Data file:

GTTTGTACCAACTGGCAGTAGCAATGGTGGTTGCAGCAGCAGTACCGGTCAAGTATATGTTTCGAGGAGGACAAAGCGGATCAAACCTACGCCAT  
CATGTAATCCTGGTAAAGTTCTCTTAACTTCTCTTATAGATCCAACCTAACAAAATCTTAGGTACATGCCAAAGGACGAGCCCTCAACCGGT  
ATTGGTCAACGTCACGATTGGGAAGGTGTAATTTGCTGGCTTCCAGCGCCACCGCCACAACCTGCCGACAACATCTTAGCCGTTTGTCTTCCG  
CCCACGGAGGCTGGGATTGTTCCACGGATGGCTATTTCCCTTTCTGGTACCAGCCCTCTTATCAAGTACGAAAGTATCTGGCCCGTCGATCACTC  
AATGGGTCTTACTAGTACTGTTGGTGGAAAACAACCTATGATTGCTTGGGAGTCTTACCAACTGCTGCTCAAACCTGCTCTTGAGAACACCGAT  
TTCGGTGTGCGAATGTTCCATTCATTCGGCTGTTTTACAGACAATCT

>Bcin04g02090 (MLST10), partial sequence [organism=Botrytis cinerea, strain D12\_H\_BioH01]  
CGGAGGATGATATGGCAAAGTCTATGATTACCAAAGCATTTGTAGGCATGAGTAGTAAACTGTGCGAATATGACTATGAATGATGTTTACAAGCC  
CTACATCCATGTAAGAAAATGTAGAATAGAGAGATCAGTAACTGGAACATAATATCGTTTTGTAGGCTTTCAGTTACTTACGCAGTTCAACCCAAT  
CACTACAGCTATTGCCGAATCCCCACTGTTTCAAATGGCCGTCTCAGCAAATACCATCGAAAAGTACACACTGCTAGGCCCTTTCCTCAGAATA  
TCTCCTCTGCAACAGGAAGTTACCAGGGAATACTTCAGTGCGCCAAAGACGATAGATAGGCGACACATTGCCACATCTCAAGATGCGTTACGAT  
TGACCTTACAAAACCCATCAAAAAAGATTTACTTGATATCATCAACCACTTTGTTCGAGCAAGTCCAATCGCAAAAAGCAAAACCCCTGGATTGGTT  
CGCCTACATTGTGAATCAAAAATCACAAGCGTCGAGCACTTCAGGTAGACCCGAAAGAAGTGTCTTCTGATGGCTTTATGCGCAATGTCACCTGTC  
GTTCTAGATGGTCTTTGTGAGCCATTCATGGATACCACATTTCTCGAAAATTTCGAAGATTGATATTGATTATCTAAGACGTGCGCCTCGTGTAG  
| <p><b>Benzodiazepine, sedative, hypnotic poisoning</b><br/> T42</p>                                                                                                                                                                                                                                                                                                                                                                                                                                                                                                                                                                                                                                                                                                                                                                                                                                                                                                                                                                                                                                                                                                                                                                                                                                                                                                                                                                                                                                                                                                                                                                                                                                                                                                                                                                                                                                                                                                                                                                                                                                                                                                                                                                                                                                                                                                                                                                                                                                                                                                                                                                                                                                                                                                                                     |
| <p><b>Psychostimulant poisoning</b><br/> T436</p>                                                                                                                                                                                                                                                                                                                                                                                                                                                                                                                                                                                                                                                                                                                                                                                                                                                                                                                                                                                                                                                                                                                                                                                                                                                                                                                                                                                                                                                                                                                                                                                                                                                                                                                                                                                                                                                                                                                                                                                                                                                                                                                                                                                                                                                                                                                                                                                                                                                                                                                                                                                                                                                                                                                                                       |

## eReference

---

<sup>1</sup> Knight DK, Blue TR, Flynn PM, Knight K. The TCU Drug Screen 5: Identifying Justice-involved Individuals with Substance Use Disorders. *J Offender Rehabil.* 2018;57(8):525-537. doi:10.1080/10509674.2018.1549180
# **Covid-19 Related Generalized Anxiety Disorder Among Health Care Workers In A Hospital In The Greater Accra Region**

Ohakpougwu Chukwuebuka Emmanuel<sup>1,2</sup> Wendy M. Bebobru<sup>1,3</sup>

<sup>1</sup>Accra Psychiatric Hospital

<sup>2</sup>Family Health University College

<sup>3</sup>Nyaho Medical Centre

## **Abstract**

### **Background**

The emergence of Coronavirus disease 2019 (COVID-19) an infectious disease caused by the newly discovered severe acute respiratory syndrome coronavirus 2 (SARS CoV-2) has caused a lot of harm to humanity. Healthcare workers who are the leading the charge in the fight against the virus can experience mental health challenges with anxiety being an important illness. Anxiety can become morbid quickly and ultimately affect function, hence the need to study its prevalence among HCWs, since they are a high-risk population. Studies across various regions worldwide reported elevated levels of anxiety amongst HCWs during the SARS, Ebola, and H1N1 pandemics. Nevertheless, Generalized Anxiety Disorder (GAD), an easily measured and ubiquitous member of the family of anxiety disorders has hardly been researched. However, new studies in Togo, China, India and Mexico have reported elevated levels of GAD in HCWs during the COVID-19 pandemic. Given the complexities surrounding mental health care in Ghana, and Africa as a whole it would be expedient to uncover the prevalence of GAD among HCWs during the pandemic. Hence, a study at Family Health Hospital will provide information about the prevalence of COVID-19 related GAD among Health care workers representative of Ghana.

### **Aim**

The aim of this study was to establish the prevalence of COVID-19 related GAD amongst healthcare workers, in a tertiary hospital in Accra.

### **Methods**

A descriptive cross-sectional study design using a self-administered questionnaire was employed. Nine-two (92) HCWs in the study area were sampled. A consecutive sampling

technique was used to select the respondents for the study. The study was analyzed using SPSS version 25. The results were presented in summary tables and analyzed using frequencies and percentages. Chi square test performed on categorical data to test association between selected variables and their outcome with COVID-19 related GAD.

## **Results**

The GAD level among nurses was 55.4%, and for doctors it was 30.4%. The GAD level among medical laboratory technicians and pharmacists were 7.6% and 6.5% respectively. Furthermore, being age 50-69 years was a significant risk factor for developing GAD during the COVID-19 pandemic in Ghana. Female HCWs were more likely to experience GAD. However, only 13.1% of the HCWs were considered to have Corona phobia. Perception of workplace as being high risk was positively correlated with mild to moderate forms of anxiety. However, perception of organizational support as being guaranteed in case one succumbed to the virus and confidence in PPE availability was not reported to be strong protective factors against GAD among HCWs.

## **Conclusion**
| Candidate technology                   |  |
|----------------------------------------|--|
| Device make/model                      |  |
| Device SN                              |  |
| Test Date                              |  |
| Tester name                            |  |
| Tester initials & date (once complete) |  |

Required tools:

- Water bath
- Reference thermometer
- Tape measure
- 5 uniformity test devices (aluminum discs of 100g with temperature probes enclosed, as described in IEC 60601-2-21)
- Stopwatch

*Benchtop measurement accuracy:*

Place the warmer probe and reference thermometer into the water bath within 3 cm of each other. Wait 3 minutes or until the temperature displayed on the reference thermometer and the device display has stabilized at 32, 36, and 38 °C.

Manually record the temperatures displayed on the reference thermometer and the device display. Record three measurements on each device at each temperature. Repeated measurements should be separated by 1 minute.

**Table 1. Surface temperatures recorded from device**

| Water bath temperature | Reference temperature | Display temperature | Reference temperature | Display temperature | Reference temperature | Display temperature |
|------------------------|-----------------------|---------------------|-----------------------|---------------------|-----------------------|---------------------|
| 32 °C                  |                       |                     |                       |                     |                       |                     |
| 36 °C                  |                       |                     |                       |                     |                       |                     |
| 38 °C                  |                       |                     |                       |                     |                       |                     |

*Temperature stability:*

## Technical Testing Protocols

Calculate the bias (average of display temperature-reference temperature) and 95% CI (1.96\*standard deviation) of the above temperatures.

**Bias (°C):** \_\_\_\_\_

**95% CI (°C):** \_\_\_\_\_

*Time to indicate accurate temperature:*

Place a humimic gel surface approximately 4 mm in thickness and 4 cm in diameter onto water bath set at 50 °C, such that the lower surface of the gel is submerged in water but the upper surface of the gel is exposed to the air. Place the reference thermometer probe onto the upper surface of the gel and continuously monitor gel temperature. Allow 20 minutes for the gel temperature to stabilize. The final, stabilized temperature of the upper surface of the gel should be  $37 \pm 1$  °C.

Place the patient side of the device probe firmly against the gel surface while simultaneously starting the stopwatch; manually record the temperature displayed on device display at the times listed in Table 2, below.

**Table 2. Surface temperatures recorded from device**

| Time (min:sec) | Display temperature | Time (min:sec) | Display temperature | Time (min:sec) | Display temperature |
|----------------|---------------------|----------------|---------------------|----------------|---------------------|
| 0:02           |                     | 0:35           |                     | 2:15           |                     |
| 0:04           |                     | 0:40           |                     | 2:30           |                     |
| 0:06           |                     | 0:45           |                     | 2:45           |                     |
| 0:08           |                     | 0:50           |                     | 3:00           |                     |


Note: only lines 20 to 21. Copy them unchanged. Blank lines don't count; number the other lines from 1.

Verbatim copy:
# **Covid-19 Related Generalized Anxiety Disorder Among Health Care Workers In A Hospital In The Greater Accra Region**

Ohakpougwu Chukwuebuka Emmanuel<sup>1,2</sup> Wendy M. Bebobru<sup>1,3</sup>